Dylan Thomas: ‘lost’ fifth notebook reveals how great Welsh poet changed his style



New insights: Dylan Thomas’s fifth notebook shows how the poet’s creative process developed.
Photo by John Gay © National Portrait Gallery, London

John Goodby, Sheffield Hallam University

It’s the dream of every researcher to get their hands on a hitherto-unknown manuscript by the author in whose work they specialise. As you’d imagine, most never realise that dream. But on December 9 2014 at Sotheby’s auction house in London, I was lucky enough for it to happen to me. A school exercise book that had once belonged to Dylan Thomas, filled with 16 of his poems in his handwriting, was bought by my then-employers, Swansea University, for £85,000 and given to me to edit.

A PhD student, Adrian Osbourne, was funded to help me in my labours. A greater honour, and a more daunting, more thrilling task, would have been hard for either of us to imagine.

To begin at the beginning, however, some context. From April 1930, aged 15, Thomas began copying his completed poems into a series of school exercise books. In his short story, The Fight, the “D. Thomas” character notes how: “In the evening, before calling on my new friend, I sat in my bedroom by the boiler and read through my exercise-books full of poems. There were Danger Don’ts on the backs.”

A red school exercise book belonging to Welsh poet Dylan Thomas.
Lost until 2014: Dylan Thomas’s fifth notebook.
Swansea University, Author provided

In a letter of 1933, Thomas referred to an “innumerable” number of such notebooks. And, unlike most poets, he hung onto his juvenilia, carrying them around with him and raiding them for material until 1941. At that point, in the darkest days of the second world war, hard up and with a family to support, he sold the first four, which run from April 1930 to April 1934, to the library of the State University of New York at Buffalo. Scholars were given access to them and they were published in 1967 as Poet in the Making: The Notebooks of Dylan Thomas.

No more notebooks emerged during Thomas’s lifetime, nor – despite much speculation – did any appear after his death in 1953. Thus, the Sotheby’s notebook is the only one to have appeared, and it covers the period summer 1934 to August 1935 – making it a direct continuation of the first four.

Scrap paper?

The fifth notebook’s extraordinary nature as an object is matched by the story of its survival. Two notes contained in the Tesco’s bag in which the notebook was found allowed us to establish this. The first, a brief description by Thomas himself, shows that the last time he was in possession of it was early 1938.

After marrying in summer 1937, he and Caitlin Macnamara lived with Caitlin’s mother at her home in Hampshire until early 1938. The second note – by Mrs Macnamara’s maid, Louie King – revealed that after Dylan and Caitlin’s departure she was given the notebook, with other “scrap paper” they left behind, to burn in the kitchen boiler. King, however, withheld the notebook from its fiery fate – out of curiosity, sentiment, or for some other reason we know nothing about. When she died in 1984 the notebook passed to her family, who kept it, still a secret to the outside world, until 2014.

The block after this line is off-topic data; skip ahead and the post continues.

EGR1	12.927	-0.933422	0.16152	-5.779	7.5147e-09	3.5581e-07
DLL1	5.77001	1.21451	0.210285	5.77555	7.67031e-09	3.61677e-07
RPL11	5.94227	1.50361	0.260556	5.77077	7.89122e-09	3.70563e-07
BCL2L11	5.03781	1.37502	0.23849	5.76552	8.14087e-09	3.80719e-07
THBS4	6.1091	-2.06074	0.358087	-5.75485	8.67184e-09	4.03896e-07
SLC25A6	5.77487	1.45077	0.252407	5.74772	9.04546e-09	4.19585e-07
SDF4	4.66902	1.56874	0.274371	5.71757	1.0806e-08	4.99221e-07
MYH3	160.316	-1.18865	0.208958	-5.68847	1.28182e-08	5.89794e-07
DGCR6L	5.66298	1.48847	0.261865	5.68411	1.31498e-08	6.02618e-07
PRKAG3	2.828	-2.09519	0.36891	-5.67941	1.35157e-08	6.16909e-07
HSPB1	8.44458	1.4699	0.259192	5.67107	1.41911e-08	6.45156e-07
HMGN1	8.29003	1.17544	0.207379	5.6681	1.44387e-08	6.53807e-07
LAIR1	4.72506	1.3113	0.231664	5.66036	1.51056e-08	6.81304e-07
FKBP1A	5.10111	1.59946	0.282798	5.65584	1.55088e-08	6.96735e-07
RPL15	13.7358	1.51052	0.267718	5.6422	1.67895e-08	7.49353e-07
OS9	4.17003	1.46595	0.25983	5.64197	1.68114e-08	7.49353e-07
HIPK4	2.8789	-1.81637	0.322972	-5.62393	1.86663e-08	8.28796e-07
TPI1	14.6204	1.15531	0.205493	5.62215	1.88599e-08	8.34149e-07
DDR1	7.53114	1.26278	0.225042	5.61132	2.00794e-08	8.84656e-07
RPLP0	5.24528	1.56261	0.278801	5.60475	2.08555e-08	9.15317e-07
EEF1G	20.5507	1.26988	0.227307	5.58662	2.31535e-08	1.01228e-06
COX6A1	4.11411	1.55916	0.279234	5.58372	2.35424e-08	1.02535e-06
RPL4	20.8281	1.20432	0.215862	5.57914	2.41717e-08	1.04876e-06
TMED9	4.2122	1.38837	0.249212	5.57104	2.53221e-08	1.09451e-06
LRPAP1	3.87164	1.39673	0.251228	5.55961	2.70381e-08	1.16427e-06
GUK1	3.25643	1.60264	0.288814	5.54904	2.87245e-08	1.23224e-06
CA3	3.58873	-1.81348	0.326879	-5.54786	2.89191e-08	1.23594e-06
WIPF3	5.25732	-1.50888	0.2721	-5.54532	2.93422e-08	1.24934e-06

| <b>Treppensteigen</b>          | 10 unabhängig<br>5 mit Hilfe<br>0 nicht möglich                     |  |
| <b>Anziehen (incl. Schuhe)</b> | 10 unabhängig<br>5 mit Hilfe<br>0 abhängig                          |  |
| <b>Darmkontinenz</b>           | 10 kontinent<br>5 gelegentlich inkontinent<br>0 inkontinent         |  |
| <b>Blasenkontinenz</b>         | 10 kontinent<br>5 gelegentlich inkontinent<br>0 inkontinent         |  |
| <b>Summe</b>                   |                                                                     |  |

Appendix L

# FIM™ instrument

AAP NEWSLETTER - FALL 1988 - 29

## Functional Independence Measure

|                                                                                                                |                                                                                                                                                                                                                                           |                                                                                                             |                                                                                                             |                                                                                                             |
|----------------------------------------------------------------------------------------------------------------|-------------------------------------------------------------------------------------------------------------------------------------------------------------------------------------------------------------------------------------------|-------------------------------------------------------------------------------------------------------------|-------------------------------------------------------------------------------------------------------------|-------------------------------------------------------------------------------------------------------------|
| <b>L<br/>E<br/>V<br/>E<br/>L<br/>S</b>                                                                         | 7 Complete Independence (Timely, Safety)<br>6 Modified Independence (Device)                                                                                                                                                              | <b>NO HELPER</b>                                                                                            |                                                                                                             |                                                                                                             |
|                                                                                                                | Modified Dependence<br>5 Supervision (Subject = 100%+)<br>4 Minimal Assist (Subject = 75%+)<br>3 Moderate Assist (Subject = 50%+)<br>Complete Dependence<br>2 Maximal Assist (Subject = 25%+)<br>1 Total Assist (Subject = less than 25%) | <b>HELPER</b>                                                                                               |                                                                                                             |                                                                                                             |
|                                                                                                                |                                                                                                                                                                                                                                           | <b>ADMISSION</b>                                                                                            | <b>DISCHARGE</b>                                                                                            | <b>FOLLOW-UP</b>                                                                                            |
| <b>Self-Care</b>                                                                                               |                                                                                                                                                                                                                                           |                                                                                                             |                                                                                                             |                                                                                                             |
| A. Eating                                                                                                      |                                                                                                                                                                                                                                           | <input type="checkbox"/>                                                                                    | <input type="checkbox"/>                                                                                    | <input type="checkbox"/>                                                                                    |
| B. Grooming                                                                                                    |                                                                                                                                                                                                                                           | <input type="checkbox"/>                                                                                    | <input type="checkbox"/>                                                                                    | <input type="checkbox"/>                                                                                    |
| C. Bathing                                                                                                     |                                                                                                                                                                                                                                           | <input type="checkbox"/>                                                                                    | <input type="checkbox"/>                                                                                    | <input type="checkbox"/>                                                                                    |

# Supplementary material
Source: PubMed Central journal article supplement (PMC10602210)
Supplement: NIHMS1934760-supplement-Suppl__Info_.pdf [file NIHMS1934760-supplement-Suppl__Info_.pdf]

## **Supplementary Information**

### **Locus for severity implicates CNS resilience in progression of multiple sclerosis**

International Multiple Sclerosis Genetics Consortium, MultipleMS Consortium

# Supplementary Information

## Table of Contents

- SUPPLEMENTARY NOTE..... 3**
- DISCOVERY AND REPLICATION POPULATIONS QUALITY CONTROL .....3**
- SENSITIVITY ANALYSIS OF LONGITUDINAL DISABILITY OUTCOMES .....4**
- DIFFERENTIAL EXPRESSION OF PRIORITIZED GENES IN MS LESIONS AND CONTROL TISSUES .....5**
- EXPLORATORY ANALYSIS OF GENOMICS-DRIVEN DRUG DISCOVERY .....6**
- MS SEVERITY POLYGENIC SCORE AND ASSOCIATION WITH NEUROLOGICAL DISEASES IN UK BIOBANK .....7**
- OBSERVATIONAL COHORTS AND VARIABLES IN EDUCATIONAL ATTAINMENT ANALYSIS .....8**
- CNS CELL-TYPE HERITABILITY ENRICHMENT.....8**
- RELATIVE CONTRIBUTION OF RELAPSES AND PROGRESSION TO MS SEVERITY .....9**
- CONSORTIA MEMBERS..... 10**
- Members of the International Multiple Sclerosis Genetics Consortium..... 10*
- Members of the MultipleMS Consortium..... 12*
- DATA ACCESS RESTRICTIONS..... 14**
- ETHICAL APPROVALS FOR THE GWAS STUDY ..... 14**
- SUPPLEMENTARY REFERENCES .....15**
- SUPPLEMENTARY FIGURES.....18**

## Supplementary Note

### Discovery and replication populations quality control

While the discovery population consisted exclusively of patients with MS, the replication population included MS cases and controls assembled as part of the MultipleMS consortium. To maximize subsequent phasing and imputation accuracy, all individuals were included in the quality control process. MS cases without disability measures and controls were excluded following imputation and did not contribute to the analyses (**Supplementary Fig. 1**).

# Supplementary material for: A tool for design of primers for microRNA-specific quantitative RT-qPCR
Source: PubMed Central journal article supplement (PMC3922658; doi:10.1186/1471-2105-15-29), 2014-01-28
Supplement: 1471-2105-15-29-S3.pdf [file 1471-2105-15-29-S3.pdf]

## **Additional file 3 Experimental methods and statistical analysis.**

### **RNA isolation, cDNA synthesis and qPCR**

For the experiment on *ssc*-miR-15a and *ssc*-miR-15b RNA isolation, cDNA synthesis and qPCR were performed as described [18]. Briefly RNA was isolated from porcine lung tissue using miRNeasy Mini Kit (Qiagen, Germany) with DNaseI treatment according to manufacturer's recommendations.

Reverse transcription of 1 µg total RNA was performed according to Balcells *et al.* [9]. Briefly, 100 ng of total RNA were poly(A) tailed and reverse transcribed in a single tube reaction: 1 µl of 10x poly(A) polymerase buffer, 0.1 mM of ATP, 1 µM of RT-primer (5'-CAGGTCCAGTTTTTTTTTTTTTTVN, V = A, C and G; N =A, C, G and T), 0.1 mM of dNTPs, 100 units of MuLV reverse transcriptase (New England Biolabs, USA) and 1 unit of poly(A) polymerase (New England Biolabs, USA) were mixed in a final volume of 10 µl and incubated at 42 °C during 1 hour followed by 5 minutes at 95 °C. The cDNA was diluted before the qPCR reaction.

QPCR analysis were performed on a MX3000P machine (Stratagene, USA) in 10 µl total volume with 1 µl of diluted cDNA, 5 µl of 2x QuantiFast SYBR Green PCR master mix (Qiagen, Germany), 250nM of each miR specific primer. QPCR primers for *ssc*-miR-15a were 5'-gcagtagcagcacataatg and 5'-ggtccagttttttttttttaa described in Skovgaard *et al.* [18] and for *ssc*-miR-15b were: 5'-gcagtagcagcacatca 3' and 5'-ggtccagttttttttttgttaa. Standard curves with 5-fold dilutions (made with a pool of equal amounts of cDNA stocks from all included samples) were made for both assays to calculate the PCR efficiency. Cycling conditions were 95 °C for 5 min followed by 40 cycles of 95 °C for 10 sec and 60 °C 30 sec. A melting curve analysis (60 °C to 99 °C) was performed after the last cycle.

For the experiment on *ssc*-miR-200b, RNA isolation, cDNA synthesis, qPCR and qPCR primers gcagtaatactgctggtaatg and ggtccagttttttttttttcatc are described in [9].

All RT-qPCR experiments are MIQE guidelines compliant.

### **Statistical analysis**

We now had three tasks – to transcribe the notebook poems, deciphering, if possible, Thomas’s many corrections and deletions. We then set out to compare them with the published versions and to work out what light – if any – they shed on Thomas’s poetic development.

It should be said that the fifth notebook poems are all published ones. Unlike its predecessors it contains no unpublished items (this may be why Thomas does not seem to have minded losing it). Where it differed was in the number of corrections it contained. The poems in the first four notebooks are almost always clean copies. In the fifth, many poems undergo radical revision, allowing us to trace Thomas’s creative processes at first hand.

Two pages from a handwritten notebook of poetry containing revisions.
Unlike the four that preceded it, the fifth notebook contains many of Thomas’s revisions.
Swansea University, Author provided

Luckily, we were able to realise most of our aims. Thomas’s handwriting is clear, so most poems and corrections were easy to read. Some problems arose as the notebook progressed, and the poems grew more complex and worked-over. Usually, educated guesswork (not to mention my colleague’s keen eyesight) carried us through – although in a handful of cases we called in a technician armed with a super-photocopier. In the end only five words were unresolved.

Changing style

Among the deleted passages were many of great beauty and originality, some of which Thomas reworked elsewhere. There were also three stanzas, in two of the poems, which had never been seen before.